Let us make an in-depth study of the relationship between the interest rate, desired capital stock and investment.

Using the neoclassical theory of investment, assume that the desired capital stock is a function of output and the interest rate.

By assuming output constant, the relationship between the interest rate and the desired capital stock may be plotted.

If the interest rate is plotted on the vertical axis and the desired capital stock on the horizontal, the relationship is shown in the left panel of Figure 8.10.

Thus, if the interest rate is z0, the desired capital stock is K0*. Should the interest rate decrease to i1, the desired capital stock increases to because, with a lower interest rate, it is profitable for firms to employ more capital.

Suppose the interest rate is i0 and the desired capital stock is K0*. If the actual capital stock, also measured on the horizontal axis, is K1, there is no discrepancy between the desired and actual capital stocks. Hence, net investment is zero.

Gross investment is, however, positive, since firms must invest to replace plant and equipment that has worn out or been destroyed. Consequently, at interest rate I0, investment is I0, which according to equation (iii), equals δ K0. This combination is shown in the right panel of Figure 8.10.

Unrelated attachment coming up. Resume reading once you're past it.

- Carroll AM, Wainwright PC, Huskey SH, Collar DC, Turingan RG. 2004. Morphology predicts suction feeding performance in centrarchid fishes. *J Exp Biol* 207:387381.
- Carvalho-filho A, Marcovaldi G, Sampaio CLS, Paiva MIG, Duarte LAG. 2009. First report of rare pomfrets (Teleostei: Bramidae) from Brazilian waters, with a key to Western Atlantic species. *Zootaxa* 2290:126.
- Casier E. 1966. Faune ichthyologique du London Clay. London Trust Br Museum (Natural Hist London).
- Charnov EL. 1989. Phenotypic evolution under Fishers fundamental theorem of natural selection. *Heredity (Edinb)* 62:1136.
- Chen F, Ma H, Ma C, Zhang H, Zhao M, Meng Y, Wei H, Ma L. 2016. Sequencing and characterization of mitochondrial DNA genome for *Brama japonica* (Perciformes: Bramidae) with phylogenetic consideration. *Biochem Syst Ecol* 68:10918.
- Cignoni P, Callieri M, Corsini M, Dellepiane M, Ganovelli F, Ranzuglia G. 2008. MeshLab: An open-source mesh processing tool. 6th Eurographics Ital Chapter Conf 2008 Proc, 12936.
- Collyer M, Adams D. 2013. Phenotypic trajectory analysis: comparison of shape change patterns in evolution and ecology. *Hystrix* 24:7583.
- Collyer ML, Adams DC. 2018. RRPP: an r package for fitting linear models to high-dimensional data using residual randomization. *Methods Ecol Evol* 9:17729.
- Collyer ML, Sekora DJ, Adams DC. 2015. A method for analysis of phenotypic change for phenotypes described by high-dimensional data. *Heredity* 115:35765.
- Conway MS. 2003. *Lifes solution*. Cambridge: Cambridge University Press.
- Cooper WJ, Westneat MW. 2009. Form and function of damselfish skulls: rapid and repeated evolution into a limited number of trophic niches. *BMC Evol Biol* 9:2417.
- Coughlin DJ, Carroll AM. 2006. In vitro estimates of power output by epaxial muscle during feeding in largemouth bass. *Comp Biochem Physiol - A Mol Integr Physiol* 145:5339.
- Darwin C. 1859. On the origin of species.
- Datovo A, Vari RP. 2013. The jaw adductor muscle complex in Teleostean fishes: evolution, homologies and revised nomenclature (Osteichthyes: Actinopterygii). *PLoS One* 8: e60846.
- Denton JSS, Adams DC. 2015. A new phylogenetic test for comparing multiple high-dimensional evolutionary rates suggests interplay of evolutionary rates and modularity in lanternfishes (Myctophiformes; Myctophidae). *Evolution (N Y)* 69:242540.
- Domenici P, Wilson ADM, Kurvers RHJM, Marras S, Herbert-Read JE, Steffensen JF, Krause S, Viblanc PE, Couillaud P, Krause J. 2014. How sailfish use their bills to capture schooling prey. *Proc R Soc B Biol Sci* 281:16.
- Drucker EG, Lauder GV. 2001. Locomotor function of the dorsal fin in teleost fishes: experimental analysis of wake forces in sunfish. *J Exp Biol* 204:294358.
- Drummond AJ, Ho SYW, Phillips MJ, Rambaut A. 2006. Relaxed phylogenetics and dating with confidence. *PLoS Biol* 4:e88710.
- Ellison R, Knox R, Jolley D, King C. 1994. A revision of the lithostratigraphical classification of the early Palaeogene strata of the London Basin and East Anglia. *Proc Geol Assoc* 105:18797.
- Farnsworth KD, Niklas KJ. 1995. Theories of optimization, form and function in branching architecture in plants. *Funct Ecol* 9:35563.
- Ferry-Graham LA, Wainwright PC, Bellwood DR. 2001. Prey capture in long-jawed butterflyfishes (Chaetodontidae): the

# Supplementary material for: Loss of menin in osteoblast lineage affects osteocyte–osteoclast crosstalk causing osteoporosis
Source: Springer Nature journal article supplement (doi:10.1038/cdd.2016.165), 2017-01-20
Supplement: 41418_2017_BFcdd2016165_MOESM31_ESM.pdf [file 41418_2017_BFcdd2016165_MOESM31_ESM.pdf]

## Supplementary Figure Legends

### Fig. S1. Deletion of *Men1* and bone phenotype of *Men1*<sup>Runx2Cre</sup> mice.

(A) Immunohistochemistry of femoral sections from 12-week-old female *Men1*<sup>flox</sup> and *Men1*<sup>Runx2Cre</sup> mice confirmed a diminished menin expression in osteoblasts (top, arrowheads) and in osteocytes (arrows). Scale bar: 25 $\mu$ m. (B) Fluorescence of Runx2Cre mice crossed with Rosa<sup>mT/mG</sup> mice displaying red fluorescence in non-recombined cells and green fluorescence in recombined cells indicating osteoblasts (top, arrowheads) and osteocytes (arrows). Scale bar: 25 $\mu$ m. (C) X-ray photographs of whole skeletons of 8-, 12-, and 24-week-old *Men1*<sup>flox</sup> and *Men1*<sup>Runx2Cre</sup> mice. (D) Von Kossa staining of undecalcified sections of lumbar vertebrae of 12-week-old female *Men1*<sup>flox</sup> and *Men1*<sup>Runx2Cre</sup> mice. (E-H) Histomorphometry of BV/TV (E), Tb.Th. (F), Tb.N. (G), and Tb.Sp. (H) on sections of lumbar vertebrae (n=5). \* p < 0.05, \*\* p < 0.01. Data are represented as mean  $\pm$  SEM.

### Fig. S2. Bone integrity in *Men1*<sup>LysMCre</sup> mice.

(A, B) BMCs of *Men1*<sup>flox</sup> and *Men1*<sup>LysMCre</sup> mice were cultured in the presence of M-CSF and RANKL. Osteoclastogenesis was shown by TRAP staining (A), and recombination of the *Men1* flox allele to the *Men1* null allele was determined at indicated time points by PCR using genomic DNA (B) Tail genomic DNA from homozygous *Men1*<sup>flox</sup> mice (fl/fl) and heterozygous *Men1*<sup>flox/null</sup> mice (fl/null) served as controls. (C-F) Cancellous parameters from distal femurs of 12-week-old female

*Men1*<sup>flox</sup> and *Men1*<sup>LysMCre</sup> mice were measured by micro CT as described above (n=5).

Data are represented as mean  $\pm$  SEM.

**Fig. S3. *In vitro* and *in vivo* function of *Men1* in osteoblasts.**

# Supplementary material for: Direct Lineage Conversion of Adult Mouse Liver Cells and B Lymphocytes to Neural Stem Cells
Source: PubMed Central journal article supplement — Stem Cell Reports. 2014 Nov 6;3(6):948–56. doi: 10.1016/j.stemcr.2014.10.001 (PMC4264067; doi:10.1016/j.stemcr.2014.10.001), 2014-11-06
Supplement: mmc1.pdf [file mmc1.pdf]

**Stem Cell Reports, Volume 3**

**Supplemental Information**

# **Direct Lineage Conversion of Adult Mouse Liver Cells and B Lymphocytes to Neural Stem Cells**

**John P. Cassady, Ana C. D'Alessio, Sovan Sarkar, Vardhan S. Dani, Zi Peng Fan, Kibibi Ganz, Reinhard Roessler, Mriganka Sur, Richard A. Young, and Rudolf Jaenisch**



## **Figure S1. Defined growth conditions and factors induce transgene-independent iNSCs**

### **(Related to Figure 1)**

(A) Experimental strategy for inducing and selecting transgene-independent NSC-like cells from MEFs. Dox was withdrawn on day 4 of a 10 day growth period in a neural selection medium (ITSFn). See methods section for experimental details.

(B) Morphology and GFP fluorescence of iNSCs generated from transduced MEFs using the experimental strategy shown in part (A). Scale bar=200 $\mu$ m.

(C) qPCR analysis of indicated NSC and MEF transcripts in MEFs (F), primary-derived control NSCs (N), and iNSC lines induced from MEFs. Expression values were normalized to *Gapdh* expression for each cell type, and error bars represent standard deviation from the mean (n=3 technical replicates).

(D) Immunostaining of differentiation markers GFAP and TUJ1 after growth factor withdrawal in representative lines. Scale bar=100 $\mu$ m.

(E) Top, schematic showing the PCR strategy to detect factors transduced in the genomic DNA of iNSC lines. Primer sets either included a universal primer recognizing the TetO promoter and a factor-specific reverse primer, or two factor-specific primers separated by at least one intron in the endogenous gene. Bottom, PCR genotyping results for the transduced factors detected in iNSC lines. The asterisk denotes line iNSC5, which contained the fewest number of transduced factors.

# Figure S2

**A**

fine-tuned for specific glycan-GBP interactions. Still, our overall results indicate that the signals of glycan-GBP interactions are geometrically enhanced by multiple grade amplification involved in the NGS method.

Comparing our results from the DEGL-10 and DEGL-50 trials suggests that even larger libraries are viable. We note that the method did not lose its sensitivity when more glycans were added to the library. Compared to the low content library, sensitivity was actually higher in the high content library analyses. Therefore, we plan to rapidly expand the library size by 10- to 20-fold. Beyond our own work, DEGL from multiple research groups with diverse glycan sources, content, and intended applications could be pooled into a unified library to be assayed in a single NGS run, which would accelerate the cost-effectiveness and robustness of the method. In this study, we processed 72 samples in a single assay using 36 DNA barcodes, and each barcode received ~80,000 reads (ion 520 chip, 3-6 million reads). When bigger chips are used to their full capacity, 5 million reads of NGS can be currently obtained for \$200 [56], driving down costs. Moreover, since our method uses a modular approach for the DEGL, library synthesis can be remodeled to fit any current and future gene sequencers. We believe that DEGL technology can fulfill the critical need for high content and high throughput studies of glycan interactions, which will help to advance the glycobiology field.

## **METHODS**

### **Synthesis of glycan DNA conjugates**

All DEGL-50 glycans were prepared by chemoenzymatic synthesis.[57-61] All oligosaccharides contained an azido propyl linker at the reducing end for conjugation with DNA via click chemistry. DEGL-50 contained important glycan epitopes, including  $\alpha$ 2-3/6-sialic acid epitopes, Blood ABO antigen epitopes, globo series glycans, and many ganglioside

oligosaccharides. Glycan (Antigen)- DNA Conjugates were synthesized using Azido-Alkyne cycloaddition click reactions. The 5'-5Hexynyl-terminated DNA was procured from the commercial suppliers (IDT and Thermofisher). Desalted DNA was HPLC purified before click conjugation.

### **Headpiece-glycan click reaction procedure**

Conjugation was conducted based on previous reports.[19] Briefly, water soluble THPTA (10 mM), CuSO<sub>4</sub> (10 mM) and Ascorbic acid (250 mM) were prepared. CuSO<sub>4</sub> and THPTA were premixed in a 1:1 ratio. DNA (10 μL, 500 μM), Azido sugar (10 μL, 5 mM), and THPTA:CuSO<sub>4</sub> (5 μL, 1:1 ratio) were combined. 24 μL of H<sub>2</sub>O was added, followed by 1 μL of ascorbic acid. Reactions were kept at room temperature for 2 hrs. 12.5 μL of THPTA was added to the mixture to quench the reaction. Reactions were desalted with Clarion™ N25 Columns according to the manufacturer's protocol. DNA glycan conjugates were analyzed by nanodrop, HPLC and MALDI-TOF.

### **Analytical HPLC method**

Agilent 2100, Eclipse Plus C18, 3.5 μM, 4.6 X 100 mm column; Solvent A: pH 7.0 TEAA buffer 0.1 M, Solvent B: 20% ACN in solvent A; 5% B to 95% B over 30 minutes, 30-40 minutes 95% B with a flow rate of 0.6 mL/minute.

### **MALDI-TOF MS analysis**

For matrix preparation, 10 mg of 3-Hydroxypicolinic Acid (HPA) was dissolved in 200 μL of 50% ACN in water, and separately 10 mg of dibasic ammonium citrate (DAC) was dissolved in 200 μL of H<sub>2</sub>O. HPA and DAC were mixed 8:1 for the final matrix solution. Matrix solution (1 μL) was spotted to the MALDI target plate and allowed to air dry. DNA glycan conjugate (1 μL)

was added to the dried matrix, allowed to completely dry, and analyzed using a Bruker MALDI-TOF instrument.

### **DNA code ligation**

If the interest rate decreases to i1 the desired capital stock increases to K1*. Since the actual capital stock is A0, the desired capital stock exceeds the actual capital stock, and net investment is positive as firms add to their productive capacity.

But firms do not attempt to eliminate the gap between the desired and actual capital stocks in a single period; they do so over a number of periods. For example, suppose the desired capital stock exceeds the actual capital stock by \$20 billion.

If λ in equation (iii) equals one-half, net investment equals \$10 billion, obtained by multiplying λ by the difference between die desired and actual capital stocks. Consequently, at interest rate i1, gross investment equals I1, which consists of net investment, λ (K1* – K0), plus replacement investment, 6 A0. This combination is depicted in the right panel of Figure 8.10. Since I1 exceeds I0, an inverse relationship exists between the market rate of interest, i, and investment, I; as the interest rate decreases, investment increases.

Over time, the discrepancy between the desired and actual capital stocks will be eliminated. For example, suppose the interest rate remains at i1. So long as net investment remains positive, the capital stock increases, thereby reducing the discrepancy between the desired and actual capital stocks.

Since net investment equals λ, a constant multiplied by the discrepancy between the desired and actual capital stocks, investment will be less in succeeding periods, and the investment function of Figure 8.10 will shift to the left.